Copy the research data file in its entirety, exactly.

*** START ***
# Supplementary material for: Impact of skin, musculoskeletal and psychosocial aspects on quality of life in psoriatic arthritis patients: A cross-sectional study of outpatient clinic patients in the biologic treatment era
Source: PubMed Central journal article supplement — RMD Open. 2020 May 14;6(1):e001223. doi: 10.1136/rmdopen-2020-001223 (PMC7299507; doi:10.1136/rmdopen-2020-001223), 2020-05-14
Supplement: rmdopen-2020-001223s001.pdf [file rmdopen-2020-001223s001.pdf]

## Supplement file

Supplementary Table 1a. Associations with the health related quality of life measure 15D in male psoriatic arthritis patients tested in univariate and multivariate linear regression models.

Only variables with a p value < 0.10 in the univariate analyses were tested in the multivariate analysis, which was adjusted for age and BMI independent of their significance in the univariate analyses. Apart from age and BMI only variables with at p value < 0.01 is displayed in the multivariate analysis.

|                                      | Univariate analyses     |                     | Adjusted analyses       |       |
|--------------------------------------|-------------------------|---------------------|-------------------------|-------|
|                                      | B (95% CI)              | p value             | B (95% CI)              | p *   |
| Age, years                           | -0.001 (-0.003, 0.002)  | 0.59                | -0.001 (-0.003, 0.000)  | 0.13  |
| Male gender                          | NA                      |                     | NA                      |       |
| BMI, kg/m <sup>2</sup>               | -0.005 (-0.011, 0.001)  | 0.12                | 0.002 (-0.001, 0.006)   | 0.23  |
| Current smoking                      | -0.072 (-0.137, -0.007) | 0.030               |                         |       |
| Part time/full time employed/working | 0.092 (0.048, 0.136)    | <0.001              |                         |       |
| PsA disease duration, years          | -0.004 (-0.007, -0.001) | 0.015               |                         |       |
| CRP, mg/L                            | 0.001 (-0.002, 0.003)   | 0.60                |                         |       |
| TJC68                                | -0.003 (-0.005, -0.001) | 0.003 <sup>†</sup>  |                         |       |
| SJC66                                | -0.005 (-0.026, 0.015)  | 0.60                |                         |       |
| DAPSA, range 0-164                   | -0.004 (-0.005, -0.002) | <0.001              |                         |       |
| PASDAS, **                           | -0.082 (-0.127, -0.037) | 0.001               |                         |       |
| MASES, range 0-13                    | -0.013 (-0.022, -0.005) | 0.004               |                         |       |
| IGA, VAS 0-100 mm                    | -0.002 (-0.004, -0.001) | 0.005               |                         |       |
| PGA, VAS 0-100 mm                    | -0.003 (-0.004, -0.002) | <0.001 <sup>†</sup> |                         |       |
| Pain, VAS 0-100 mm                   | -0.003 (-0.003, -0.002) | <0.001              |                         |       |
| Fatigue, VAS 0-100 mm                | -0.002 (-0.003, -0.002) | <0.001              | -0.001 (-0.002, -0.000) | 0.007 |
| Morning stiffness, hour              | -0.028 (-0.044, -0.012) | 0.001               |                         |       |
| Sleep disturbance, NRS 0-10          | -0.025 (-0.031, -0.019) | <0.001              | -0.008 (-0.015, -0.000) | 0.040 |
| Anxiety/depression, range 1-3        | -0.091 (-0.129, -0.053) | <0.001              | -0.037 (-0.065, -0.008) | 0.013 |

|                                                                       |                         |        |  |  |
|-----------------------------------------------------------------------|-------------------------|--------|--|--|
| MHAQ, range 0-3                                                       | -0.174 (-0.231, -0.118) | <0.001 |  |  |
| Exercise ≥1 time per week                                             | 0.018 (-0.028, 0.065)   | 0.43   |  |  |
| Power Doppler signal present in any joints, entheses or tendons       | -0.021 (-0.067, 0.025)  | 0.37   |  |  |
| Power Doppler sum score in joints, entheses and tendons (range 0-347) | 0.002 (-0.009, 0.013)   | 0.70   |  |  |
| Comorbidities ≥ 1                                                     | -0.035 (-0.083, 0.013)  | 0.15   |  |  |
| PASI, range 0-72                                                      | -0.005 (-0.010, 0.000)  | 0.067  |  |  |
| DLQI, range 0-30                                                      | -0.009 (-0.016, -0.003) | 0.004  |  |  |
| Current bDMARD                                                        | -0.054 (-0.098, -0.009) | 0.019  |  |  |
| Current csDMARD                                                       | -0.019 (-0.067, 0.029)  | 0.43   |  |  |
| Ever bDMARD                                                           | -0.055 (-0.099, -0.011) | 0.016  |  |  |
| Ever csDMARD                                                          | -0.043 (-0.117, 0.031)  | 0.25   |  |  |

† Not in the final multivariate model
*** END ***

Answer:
# Supplementary material for: Impact of skin, musculoskeletal and psychosocial aspects on quality of life in psoriatic arthritis patients: A cross-sectional study of outpatient clinic patients in the biologic treatment era
Source: PubMed Central journal article supplement — RMD Open. 2020 May 14;6(1):e001223. doi: 10.1136/rmdopen-2020-001223 (PMC7299507; doi:10.1136/rmdopen-2020-001223), 2020-05-14
Supplement: rmdopen-2020-001223s001.pdf [file rmdopen-2020-001223s001.pdf]

## Supplement file

Supplementary Table 1a. Associations with the health related quality of life measure 15D in male psoriatic arthritis patients tested in univariate and multivariate linear regression models.

Only variables with a p value < 0.10 in the univariate analyses were tested in the multivariate analysis, which was adjusted for age and BMI independent of their significance in the univariate analyses. Apart from age and BMI only variables with at p value < 0.01 is displayed in the multivariate analysis.

|                                      | Univariate analyses     |                     | Adjusted analyses       |       |
|--------------------------------------|-------------------------|---------------------|-------------------------|-------|
|                                      | B (95% CI)              | p value             | B (95% CI)              | p *   |
| Age, years                           | -0.001 (-0.003, 0.002)  | 0.59                | -0.001 (-0.003, 0.000)  | 0.13  |
| Male gender                          | NA                      |                     | NA                      |       |
| BMI, kg/m <sup>2</sup>               | -0.005 (-0.011, 0.001)  | 0.12                | 0.002 (-0.001, 0.006)   | 0.23  |
| Current smoking                      | -0.072 (-0.137, -0.007) | 0.030               |                         |       |
| Part time/full time employed/working | 0.092 (0.048, 0.136)    | <0.001              |                         |       |
| PsA disease duration, years          | -0.004 (-0.007, -0.001) | 0.015               |                         |       |
| CRP, mg/L                            | 0.001 (-0.002, 0.003)   | 0.60                |                         |       |
| TJC68                                | -0.003 (-0.005, -0.001) | 0.003 <sup>†</sup>  |                         |       |
| SJC66                                | -0.005 (-0.026, 0.015)  | 0.60                |                         |       |
| DAPSA, range 0-164                   | -0.004 (-0.005, -0.002) | <0.001              |                         |       |
| PASDAS, **                           | -0.082 (-0.127, -0.037) | 0.001               |                         |       |
| MASES, range 0-13                    | -0.013 (-0.022, -0.005) | 0.004               |                         |       |
| IGA, VAS 0-100 mm                    | -0.002 (-0.004, -0.001) | 0.005               |                         |       |
| PGA, VAS 0-100 mm                    | -0.003 (-0.004, -0.002) | <0.001 <sup>†</sup> |                         |       |
| Pain, VAS 0-100 mm                   | -0.003 (-0.003, -0.002) | <0.001              |                         |       |
| Fatigue, VAS 0-100 mm                | -0.002 (-0.003, -0.002) | <0.001              | -0.001 (-0.002, -0.000) | 0.007 |
| Morning stiffness, hour              | -0.028 (-0.044, -0.012) | 0.001               |                         |       |
| Sleep disturbance, NRS 0-10          | -0.025 (-0.031, -0.019) | <0.001              | -0.008 (-0.015, -0.000) | 0.040 |
| Anxiety/depression, range 1-3        | -0.091 (-0.129, -0.053) | <0.001              | -0.037 (-0.065, -0.008) | 0.013 |

|                                                                       |                         |        |  |  |
|-----------------------------------------------------------------------|-------------------------|--------|--|--|
| MHAQ, range 0-3                                                       | -0.174 (-0.231, -0.118) | <0.001 |  |  |
| Exercise ≥1 time per week                                             | 0.018 (-0.028, 0.065)   | 0.43   |  |  |
| Power Doppler signal present in any joints, entheses or tendons       | -0.021 (-0.067, 0.025)  | 0.37   |  |  |
| Power Doppler sum score in joints, entheses and tendons (range 0-347) | 0.002 (-0.009, 0.013)   | 0.70   |  |  |
| Comorbidities ≥ 1                                                     | -0.035 (-0.083, 0.013)  | 0.15   |  |  |
| PASI, range 0-72                                                      | -0.005 (-0.010, 0.000)  | 0.067  |  |  |
| DLQI, range 0-30                                                      | -0.009 (-0.016, -0.003) | 0.004  |  |  |
| Current bDMARD                                                        | -0.054 (-0.098, -0.009) | 0.019  |  |  |
| Current csDMARD                                                       | -0.019 (-0.067, 0.029)  | 0.43   |  |  |
| Ever bDMARD                                                           | -0.055 (-0.099, -0.011) | 0.016  |  |  |
| Ever csDMARD                                                          | -0.043 (-0.117, 0.031)  | 0.25   |  |  |

† Not in the final multivariate model